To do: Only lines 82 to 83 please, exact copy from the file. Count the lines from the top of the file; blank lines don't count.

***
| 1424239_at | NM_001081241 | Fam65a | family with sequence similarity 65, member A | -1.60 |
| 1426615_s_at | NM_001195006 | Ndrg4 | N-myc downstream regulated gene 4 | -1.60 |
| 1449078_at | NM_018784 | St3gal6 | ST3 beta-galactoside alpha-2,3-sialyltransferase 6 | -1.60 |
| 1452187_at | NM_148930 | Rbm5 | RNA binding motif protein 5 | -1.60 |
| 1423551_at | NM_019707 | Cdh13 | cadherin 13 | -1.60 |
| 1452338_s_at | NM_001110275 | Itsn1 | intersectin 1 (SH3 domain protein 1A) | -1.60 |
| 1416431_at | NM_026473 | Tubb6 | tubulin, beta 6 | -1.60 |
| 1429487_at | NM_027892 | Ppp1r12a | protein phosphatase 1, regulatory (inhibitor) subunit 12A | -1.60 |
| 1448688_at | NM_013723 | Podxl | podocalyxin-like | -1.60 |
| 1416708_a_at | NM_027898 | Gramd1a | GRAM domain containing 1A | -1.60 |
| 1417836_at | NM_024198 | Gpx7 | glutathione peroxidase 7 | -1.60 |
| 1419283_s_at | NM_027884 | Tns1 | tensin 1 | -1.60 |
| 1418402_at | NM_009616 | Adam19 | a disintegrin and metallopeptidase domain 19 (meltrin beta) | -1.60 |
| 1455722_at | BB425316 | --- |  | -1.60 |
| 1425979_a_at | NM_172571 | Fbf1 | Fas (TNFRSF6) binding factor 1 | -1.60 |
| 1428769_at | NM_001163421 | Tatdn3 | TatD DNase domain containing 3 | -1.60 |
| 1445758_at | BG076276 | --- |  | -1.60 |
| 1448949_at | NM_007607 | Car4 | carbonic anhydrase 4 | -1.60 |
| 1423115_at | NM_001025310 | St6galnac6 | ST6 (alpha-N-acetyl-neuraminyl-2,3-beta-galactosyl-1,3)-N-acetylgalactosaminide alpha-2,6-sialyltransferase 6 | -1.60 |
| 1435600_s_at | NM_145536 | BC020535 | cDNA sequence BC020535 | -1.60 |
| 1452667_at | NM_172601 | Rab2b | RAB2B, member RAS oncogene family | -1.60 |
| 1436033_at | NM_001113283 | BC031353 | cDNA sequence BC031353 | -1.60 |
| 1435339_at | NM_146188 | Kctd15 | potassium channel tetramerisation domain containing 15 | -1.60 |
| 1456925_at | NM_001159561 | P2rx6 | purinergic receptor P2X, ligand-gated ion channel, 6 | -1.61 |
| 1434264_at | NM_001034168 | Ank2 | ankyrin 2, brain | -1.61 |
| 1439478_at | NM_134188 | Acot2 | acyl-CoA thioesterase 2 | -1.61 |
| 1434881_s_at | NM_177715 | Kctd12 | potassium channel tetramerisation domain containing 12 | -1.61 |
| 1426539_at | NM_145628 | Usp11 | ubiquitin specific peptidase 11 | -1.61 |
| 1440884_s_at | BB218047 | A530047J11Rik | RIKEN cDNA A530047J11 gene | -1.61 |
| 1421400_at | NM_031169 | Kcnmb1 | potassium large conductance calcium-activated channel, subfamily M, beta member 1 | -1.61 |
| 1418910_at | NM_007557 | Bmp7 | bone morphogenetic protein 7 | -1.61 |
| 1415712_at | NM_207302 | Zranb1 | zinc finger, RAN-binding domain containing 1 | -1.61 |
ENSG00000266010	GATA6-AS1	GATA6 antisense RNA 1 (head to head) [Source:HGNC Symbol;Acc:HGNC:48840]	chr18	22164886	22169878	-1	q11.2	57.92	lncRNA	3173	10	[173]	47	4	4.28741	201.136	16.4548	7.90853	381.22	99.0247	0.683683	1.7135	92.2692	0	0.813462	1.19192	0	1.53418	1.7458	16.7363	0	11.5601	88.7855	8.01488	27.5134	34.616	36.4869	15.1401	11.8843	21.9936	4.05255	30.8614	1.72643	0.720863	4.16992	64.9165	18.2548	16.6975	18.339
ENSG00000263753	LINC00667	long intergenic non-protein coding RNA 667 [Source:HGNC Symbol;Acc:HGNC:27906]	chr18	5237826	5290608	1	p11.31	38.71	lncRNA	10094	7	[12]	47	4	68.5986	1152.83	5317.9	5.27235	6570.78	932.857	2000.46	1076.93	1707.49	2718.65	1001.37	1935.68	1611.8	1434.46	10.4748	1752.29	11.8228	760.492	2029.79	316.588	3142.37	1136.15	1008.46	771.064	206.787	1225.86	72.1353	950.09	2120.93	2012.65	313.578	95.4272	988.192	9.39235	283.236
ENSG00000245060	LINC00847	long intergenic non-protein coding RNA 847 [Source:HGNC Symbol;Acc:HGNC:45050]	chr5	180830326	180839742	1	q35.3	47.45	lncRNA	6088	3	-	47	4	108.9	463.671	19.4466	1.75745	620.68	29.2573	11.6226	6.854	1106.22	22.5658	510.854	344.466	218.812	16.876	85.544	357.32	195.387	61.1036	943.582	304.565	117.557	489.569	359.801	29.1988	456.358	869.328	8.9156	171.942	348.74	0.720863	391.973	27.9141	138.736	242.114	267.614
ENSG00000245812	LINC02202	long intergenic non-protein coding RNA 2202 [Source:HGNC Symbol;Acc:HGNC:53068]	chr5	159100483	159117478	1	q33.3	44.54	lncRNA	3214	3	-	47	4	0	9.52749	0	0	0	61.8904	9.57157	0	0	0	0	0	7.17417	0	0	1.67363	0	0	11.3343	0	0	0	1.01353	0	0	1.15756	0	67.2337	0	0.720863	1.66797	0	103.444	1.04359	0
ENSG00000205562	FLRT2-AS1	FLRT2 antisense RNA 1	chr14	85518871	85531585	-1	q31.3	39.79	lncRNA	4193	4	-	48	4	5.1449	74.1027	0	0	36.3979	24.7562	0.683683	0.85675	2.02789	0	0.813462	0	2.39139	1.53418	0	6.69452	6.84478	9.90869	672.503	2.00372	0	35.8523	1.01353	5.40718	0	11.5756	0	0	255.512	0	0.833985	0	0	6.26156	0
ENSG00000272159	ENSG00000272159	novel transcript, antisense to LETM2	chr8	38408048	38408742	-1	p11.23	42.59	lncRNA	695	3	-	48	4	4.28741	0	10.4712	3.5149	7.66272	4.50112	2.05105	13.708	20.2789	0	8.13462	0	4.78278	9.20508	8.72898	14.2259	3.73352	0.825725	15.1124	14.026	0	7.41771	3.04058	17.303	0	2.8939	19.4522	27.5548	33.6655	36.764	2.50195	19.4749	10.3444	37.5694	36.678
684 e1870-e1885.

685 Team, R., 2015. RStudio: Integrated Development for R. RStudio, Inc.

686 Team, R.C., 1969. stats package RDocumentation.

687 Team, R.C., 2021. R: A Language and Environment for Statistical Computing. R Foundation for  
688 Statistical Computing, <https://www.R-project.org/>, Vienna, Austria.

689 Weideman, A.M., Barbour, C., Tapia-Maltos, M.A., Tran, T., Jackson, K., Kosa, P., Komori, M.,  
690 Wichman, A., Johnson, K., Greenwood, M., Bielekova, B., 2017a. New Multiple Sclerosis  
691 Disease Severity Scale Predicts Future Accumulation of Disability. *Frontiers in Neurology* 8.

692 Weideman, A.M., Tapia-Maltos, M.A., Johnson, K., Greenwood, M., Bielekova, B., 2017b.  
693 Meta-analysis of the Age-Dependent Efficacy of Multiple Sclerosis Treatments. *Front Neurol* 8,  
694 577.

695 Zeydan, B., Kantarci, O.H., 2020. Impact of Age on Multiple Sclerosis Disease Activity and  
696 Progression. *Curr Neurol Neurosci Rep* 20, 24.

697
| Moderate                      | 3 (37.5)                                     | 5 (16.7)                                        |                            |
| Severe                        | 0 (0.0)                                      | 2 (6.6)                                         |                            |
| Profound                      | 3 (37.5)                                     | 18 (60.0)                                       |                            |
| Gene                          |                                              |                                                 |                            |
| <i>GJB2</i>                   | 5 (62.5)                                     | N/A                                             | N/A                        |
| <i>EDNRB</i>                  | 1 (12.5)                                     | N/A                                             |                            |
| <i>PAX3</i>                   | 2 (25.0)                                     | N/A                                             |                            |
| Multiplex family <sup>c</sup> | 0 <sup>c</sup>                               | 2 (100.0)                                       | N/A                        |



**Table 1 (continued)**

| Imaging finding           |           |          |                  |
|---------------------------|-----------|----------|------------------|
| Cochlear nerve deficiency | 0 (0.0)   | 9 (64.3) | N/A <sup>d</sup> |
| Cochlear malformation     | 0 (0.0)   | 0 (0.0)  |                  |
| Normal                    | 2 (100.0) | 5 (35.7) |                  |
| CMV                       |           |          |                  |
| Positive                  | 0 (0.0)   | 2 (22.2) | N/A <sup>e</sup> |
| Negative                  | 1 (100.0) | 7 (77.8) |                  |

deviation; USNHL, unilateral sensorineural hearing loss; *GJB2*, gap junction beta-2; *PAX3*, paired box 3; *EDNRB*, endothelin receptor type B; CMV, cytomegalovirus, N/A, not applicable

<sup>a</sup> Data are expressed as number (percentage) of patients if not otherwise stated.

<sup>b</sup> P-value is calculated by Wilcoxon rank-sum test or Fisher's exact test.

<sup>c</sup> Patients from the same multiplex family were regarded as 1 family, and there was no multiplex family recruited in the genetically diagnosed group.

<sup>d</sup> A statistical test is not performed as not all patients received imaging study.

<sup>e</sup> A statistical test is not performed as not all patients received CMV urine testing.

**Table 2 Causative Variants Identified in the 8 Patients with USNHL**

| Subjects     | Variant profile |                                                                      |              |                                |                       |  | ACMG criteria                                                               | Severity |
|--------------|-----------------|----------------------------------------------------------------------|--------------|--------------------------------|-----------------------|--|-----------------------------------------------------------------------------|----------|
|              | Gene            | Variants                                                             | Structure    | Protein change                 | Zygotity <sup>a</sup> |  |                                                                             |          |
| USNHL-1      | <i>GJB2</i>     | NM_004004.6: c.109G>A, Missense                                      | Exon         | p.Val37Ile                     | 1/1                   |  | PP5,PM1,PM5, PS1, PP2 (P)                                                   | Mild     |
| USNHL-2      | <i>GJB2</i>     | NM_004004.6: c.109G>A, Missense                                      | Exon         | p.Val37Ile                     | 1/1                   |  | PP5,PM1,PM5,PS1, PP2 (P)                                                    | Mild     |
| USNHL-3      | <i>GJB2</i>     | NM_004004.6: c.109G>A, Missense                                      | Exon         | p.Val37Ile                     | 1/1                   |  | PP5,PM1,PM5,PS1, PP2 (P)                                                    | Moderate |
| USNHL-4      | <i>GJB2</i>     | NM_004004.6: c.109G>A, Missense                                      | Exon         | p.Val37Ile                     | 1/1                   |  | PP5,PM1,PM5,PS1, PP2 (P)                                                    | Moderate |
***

| USNHL-3      | <i>GJB2</i>     | NM_004004.6: c.109G>A, Missense                                      | Exon         | p.Val37Ile                     | 1/1                   |  | PP5,PM1,PM5,PS1, PP2 (P)                                                    | Moderate |
| USNHL-4      | <i>GJB2</i>     | NM_004004.6: c.109G>A, Missense                                      | Exon         | p.Val37Ile                     | 1/1                   |  | PP5,PM1,PM5,PS1, PP2 (P)                                                    | Moderate |